Inside Khalilabad,a ‘bada gaon’ with the world within its reach

Khalilabad is an important seat this time as Peace Party chief Dr Ayub is contesting from here.

Written by Seema Chishti | Pachpokhri | Published:February 10, 2012 12:23 am

Pachpokhri is a bada gaon,or big village,10km off the main road and with about 300 homes,mostly Muslim. Deep inside Khalilabad in Sant Kabir Das district,it flies in the face of every tale one has heard of the self-sufficient,insular village that is still meant to be the defining characteristic that shields UP from the “rest of India”.

Khalilabad is an important seat for several reasons this time. It is from here that Peace Party chief Dr Ayub is contesting. The seat last time had given the party its closest shot at what might be called success,with its non-Muslim candidate bagging over one lakh votes,enough to swing the result. The SP had suffered a sudden loss and the “small Muslim party” factor had started annoying larger parties.

Panchpokhri,with about 800 voters,is a fascinating example of the work in progress in UP,despite all the stereotyping going on. A long history of migrations — nearly 80 per cent homes have sent relatives to Mumbai — and “100 per cent” mobile connectivity give villagers a clear idea of what is happening outside,and define their attitudes,priorities and even approach to elections,all pointers of change.

Local postmaster Raja Ram Yadav bears testimony that Panchpokhri is no island: “So many letters come here from Mumbai,Delhi,Kanpur,everywhere. I am a busy man.”

Siraj Ahmed Khan,who trades in construction material,has just arrived on the Vaishali Express from Delhi. He has strong views on the polls in Punjab,which he has visited: “I think the Badals will scrape through,they have built so much there.”

The main migration out of here is to Mumbai,and to work with wood. It all started,it seems,with a group going there to help bring down old houses,rework the wood artistically and sell that. Others followed,including full families who joined or set up businesses. “We have four-five lady doctors from here,” says Pawan,who sells tea in the small market that forms the village’s core.

Siraj Ahmad has three children,and a lot of his attention goes into making enough each month to afford the Rs 15,000 it costs every year to send the eldest,a girl,by school bus to Blooming Birds Academy,15km away in Khalilabad.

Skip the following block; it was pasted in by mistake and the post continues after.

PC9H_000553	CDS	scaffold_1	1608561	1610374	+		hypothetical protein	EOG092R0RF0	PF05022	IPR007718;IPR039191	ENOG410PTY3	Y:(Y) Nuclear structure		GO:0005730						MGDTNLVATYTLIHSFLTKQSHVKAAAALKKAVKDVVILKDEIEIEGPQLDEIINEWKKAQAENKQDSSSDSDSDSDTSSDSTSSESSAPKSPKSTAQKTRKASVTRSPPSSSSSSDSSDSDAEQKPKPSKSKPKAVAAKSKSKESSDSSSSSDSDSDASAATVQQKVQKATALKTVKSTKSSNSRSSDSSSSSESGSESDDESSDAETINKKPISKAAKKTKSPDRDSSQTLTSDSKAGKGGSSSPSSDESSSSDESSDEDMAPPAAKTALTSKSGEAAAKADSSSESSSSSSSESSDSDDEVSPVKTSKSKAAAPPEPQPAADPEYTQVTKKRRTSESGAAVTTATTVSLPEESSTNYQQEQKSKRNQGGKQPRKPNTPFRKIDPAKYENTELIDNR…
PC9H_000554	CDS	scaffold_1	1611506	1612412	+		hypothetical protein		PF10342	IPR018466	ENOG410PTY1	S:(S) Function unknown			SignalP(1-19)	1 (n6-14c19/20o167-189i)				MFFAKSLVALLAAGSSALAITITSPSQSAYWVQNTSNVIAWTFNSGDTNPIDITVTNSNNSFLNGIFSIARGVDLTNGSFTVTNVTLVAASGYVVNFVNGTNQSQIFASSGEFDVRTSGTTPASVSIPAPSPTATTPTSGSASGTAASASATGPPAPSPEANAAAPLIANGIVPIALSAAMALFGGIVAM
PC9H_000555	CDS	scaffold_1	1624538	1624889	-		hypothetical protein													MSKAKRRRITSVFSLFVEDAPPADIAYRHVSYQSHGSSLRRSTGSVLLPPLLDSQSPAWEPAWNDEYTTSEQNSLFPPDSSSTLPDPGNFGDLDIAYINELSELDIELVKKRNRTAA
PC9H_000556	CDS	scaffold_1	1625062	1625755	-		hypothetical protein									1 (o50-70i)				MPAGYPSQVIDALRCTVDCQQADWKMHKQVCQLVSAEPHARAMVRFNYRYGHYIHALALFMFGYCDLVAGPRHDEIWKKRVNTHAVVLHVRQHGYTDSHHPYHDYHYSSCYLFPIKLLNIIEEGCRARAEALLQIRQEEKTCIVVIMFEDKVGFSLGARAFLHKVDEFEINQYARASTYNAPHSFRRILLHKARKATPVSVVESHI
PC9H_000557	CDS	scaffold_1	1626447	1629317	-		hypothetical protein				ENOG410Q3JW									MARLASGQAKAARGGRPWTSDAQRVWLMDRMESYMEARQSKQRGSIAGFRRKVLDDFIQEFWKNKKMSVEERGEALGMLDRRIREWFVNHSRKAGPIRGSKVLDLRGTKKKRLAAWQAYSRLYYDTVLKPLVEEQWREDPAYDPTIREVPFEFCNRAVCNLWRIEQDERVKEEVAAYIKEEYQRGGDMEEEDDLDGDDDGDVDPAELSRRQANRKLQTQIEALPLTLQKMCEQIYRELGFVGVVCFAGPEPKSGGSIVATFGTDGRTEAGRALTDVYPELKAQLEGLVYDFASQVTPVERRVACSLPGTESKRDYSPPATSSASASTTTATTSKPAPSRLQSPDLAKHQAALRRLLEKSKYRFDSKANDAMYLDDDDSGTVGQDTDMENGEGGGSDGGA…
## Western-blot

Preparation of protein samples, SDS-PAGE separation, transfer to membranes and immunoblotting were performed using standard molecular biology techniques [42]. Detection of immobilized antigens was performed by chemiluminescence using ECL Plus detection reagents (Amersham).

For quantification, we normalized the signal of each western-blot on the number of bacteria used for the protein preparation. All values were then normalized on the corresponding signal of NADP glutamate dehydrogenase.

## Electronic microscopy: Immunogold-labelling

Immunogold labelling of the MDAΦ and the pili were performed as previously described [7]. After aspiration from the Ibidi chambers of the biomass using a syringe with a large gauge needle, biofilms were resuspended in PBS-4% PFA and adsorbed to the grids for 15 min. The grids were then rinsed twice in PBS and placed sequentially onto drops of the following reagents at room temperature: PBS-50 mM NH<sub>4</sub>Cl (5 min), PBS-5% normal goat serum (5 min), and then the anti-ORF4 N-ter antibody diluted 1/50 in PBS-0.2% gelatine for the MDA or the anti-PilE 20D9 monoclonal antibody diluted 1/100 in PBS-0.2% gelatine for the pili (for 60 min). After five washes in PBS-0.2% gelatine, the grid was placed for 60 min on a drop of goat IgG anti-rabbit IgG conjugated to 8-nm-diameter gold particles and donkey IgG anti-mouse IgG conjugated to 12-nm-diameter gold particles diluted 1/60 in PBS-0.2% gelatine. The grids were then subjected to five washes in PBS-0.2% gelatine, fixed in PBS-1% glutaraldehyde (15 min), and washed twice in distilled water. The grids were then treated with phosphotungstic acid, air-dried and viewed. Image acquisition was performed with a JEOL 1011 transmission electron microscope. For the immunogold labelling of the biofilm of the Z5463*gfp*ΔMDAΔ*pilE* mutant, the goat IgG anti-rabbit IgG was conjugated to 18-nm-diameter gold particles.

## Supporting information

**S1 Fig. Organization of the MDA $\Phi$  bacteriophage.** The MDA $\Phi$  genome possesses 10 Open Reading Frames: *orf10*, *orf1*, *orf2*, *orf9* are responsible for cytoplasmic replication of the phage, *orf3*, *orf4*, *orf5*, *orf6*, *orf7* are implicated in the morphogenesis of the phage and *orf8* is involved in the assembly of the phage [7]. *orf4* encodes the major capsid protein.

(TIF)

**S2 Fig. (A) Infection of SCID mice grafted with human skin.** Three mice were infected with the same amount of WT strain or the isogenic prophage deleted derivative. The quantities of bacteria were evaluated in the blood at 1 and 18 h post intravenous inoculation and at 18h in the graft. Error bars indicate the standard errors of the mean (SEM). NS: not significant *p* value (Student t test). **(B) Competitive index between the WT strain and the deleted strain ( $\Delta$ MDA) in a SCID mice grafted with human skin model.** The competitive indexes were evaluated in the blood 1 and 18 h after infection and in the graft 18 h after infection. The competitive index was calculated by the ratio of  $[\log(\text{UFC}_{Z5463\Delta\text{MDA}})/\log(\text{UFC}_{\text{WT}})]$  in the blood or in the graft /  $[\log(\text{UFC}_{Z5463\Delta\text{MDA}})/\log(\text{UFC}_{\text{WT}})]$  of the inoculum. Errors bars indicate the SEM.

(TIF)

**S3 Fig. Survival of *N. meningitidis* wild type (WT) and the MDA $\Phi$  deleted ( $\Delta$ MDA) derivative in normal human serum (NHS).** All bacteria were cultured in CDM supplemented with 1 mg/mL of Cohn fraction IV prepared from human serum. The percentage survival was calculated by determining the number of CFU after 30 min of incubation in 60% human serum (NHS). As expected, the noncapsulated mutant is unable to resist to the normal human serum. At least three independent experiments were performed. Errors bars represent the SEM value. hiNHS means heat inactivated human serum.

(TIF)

His two younger sons for now go to Raza Academy,a primary school run by a confident graduate from Gorakhpur. Rizwan Ahmed,42,is buying his second Innova “as the first one is old”. “It’s the best car… but will be phased out soon as it has now entered the market as a taxi. That brings down its status,” he says.

“There is so much change in this village. Earlier,children couldn’t speak two lines straight,let alone in English… Now,look at their body language. We use the same books prescribed in convents,and our children are learning to read English and speak fluently.”

Ahmed says migration from here is something that has happened for ages but,as families have settled,“seen things,and educated their children,they are studying to be able to lead better lives. Money flows back to Pachpokhri,of course,but this is mostly a place for an annual picnic or to attend weddings.”

The Pesh Imam of the local mosque,“Qadri Saheb”,has seen change for five decades. He recalls when the “dhoom-dhaam around elections raised the temperature and caused tensions too”. Now,“life is unaffected and we can all quietly decide two days before the elections whom to vote for”.

Says Dr Shah Alam,a dentist who divides his time between Basti and here,“You think Muslims want this or that,but we do not. We are not like a pandit basti that demands a pulia or a road. We will make it on our own.”

But,he adds,“We value and get delighted when our local MLA comes and does some dua salaam… Just some connect with who represents us,that’s what we want. That has not happened this time. So we will exercise our franchise and do it independently,and look for a change.”

A friend of his says,“The difference was that earlier,it was just about earning more money. Now for the past five or six years,people of Panchpokhri have realised it’s about moving up socially and educating ourselves.” On elections,he says,the “upper caste” Muslim is committed and “political” but the “smaller” Muslims are still enthusiastic about the Peace Party.

The immediate concerns are about what the impact of the very strict Election Commission would be. “Cellphones are very important in helping us finally decide.. They usually jam networks before polling. Will they do it again this time,you think?”

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